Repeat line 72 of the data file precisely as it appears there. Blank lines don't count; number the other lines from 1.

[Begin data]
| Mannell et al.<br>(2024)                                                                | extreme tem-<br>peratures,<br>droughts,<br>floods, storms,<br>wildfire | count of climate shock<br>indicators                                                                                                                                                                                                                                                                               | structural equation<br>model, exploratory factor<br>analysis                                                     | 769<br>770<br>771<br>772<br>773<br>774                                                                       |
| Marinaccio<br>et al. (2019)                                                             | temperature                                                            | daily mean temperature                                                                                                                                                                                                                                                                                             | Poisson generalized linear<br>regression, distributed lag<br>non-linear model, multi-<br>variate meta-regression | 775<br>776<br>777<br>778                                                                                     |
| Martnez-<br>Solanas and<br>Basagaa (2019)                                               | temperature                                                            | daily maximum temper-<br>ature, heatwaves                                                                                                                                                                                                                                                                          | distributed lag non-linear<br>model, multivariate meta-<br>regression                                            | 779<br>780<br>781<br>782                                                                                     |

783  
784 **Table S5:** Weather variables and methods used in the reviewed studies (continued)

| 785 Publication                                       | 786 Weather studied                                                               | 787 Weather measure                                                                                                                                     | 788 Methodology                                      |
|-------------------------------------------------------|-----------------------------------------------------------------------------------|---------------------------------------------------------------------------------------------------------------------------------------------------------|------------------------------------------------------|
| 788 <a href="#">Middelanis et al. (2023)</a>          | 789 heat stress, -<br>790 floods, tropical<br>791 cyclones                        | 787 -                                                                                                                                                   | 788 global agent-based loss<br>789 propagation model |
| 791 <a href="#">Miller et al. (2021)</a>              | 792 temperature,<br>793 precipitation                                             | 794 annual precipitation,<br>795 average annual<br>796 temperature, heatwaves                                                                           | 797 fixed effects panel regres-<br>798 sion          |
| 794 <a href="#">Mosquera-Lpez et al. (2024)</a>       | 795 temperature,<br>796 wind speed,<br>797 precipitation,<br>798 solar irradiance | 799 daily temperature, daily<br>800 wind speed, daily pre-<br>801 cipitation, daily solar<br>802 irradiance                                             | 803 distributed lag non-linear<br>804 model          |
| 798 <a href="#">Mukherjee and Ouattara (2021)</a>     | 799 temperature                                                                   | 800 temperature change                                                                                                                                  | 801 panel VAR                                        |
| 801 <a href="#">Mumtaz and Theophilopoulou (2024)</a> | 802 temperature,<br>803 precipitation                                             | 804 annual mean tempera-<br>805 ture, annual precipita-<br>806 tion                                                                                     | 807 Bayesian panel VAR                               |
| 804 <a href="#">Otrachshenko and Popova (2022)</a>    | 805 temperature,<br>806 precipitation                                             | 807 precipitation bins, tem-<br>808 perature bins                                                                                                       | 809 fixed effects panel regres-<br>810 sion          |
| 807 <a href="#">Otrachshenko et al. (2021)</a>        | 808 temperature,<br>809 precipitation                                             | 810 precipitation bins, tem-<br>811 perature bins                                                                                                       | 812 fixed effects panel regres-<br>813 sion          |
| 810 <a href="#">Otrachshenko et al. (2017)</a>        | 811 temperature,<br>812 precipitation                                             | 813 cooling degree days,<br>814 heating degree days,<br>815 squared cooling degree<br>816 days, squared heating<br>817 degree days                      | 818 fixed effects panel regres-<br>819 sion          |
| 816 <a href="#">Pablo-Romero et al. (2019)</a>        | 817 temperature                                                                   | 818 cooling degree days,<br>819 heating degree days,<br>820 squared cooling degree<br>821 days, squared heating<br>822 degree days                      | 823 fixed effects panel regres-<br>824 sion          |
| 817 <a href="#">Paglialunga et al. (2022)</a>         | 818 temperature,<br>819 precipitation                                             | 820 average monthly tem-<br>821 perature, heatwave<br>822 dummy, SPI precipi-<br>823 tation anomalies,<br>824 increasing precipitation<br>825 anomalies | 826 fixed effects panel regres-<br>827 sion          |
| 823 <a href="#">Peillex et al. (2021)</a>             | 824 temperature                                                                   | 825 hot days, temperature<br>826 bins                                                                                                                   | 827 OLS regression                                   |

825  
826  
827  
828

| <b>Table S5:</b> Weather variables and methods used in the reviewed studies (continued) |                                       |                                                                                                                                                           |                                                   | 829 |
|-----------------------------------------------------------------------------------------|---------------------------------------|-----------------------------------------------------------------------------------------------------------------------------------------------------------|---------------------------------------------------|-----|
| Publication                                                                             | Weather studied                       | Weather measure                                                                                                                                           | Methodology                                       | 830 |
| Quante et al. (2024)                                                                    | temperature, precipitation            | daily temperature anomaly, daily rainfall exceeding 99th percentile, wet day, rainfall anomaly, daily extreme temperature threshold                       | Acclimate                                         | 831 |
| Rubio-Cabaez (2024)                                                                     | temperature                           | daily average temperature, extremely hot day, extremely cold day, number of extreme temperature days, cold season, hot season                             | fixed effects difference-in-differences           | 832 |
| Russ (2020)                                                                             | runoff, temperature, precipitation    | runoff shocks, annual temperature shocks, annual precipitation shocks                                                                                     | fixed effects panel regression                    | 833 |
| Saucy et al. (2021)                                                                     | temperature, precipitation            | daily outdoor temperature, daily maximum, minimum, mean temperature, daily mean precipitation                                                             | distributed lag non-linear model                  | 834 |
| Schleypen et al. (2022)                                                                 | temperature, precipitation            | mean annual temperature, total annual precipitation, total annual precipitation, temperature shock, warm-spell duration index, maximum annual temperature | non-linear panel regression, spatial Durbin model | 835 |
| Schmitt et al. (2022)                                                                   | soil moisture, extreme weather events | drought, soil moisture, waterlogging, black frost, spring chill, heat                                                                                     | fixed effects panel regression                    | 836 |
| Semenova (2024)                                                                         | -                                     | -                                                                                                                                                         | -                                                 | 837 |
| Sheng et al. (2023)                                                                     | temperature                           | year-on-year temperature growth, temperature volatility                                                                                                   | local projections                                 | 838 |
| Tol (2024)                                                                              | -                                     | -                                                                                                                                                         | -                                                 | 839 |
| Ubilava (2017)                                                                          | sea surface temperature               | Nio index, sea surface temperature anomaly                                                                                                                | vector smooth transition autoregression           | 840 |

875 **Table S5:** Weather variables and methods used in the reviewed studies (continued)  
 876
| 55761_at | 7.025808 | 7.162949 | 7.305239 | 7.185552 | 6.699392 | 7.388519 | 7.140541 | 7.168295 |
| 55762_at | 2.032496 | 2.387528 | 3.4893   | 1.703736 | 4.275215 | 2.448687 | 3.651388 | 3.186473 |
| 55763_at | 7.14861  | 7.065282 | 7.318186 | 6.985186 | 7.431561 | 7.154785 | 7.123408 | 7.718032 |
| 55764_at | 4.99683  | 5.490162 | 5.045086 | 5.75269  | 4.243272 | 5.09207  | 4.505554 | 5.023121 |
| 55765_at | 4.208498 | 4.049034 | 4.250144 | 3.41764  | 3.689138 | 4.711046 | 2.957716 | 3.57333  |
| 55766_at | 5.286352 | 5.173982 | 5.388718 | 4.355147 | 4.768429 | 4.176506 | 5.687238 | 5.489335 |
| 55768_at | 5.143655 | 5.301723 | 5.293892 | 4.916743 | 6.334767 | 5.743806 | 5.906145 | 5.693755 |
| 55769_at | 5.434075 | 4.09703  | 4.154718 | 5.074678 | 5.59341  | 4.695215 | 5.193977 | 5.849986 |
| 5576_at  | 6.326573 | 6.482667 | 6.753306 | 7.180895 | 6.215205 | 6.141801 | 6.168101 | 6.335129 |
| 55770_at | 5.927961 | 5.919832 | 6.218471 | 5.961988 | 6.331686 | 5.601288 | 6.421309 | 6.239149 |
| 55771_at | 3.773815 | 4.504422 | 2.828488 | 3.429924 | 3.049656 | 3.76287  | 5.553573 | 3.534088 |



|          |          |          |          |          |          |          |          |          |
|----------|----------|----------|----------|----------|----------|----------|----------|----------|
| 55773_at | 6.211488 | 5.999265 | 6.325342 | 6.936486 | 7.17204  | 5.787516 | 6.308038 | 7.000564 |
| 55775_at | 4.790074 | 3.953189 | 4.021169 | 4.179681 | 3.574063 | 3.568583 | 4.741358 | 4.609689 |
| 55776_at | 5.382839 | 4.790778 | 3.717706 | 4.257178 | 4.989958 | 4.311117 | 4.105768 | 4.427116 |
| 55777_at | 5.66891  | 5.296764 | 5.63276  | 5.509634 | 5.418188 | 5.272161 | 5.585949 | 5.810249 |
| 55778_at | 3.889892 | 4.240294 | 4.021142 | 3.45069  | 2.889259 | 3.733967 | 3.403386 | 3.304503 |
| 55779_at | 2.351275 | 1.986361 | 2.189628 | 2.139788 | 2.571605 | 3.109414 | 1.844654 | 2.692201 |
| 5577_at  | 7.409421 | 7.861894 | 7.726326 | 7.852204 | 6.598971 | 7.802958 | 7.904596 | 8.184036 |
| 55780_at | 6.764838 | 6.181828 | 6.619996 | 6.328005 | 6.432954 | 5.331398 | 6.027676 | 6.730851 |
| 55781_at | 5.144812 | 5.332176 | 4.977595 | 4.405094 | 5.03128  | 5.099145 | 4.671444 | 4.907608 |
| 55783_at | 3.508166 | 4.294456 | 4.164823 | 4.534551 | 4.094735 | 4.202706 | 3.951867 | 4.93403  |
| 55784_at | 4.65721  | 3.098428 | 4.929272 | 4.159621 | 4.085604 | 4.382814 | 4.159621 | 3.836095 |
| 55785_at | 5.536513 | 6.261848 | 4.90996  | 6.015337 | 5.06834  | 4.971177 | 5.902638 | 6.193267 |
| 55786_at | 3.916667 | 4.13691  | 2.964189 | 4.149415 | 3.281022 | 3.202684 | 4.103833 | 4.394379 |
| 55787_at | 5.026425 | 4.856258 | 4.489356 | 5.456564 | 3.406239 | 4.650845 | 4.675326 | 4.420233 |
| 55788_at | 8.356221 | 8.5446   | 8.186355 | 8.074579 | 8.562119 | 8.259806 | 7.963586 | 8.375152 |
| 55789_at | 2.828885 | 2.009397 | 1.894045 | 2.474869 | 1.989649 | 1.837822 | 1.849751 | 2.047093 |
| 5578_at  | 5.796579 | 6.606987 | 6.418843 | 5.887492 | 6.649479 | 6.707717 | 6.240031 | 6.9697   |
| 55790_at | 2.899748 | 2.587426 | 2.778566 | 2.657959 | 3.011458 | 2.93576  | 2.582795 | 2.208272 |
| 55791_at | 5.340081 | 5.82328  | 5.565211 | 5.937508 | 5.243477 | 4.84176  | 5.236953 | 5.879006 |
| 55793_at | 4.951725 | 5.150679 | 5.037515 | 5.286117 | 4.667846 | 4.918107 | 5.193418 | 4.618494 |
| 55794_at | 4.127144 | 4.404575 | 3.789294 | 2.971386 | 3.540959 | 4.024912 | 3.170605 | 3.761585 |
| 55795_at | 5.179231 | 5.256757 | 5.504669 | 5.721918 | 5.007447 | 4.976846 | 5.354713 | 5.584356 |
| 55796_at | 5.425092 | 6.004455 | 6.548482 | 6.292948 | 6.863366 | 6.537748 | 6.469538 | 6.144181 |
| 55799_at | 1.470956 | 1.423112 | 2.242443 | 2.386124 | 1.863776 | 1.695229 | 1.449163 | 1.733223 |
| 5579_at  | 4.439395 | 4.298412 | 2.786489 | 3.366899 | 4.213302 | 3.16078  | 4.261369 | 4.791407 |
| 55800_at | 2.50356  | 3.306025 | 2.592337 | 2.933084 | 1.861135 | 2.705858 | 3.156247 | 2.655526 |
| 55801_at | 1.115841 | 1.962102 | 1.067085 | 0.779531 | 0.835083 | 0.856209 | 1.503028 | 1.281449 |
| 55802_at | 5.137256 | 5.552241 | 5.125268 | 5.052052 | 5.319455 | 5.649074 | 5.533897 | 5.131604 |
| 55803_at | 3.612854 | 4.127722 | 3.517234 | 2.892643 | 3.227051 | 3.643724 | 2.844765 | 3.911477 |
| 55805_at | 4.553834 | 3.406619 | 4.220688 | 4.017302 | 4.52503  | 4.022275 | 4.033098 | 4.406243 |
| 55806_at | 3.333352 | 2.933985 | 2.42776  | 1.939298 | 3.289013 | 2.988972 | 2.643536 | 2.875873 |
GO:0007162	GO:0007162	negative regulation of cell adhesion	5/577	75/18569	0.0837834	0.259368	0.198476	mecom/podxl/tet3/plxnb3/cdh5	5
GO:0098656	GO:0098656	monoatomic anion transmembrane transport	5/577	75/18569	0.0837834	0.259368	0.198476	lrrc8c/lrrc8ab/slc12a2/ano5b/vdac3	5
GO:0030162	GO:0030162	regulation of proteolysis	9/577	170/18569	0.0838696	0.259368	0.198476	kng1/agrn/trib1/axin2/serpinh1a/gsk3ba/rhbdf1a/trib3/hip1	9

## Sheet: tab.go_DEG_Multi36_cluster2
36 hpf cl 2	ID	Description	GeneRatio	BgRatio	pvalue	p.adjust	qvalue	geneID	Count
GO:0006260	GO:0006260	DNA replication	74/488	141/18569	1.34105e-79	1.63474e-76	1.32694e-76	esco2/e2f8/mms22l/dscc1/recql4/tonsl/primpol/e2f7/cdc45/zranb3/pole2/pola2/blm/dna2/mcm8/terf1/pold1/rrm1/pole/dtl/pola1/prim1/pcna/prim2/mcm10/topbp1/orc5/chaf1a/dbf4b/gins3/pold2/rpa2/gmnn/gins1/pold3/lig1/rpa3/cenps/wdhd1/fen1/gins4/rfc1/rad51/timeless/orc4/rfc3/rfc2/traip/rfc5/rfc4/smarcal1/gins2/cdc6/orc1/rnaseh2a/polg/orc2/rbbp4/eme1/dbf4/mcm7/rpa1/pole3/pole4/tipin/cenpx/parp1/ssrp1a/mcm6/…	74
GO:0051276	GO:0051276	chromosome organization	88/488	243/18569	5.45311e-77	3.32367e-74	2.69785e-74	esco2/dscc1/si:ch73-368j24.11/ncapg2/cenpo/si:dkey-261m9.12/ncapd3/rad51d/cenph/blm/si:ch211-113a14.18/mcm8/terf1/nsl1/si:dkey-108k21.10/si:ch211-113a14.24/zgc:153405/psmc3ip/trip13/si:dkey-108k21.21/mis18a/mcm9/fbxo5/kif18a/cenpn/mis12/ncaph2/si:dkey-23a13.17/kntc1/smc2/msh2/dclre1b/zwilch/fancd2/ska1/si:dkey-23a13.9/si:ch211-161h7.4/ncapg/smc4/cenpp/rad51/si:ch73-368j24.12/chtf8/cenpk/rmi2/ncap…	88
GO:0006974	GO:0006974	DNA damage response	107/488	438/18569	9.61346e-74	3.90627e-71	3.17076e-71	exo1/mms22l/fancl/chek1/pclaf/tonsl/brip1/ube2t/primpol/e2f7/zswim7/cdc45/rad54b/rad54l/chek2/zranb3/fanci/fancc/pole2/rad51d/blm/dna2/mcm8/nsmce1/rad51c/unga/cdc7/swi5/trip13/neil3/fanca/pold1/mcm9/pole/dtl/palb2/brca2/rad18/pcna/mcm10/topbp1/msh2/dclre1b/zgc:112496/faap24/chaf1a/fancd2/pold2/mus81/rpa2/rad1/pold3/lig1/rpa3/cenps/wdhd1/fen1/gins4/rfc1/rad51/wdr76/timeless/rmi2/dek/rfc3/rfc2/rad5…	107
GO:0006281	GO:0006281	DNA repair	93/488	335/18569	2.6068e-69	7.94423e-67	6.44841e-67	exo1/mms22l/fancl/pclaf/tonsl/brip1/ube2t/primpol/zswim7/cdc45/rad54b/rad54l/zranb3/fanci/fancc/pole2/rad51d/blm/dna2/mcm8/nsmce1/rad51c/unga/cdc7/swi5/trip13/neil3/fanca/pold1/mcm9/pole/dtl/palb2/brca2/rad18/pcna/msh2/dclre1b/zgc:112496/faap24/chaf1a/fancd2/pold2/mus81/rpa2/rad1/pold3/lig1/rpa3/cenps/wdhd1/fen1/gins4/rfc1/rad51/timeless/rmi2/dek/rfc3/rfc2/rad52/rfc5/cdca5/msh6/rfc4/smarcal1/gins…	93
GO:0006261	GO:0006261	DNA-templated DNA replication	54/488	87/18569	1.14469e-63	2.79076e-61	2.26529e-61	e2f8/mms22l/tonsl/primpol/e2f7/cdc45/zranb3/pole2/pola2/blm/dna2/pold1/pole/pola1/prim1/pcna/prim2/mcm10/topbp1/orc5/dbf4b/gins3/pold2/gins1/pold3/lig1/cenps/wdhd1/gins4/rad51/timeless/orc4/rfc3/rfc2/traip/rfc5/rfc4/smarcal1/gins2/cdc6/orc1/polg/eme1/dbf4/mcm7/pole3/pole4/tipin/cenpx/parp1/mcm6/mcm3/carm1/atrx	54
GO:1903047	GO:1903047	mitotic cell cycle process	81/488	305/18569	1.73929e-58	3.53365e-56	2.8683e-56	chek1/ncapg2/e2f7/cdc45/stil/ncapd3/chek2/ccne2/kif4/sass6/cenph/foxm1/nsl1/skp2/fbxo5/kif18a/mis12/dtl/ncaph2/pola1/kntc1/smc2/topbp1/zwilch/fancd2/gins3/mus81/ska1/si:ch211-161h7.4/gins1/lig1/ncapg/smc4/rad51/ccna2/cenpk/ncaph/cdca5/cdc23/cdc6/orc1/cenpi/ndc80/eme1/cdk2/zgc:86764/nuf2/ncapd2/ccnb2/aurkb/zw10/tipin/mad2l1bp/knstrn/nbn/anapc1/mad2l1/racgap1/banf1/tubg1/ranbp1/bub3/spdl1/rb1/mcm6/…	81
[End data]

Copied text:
| 55795_at | 5.179231 | 5.256757 | 5.504669 | 5.721918 | 5.007447 | 4.976846 | 5.354713 | 5.584356 |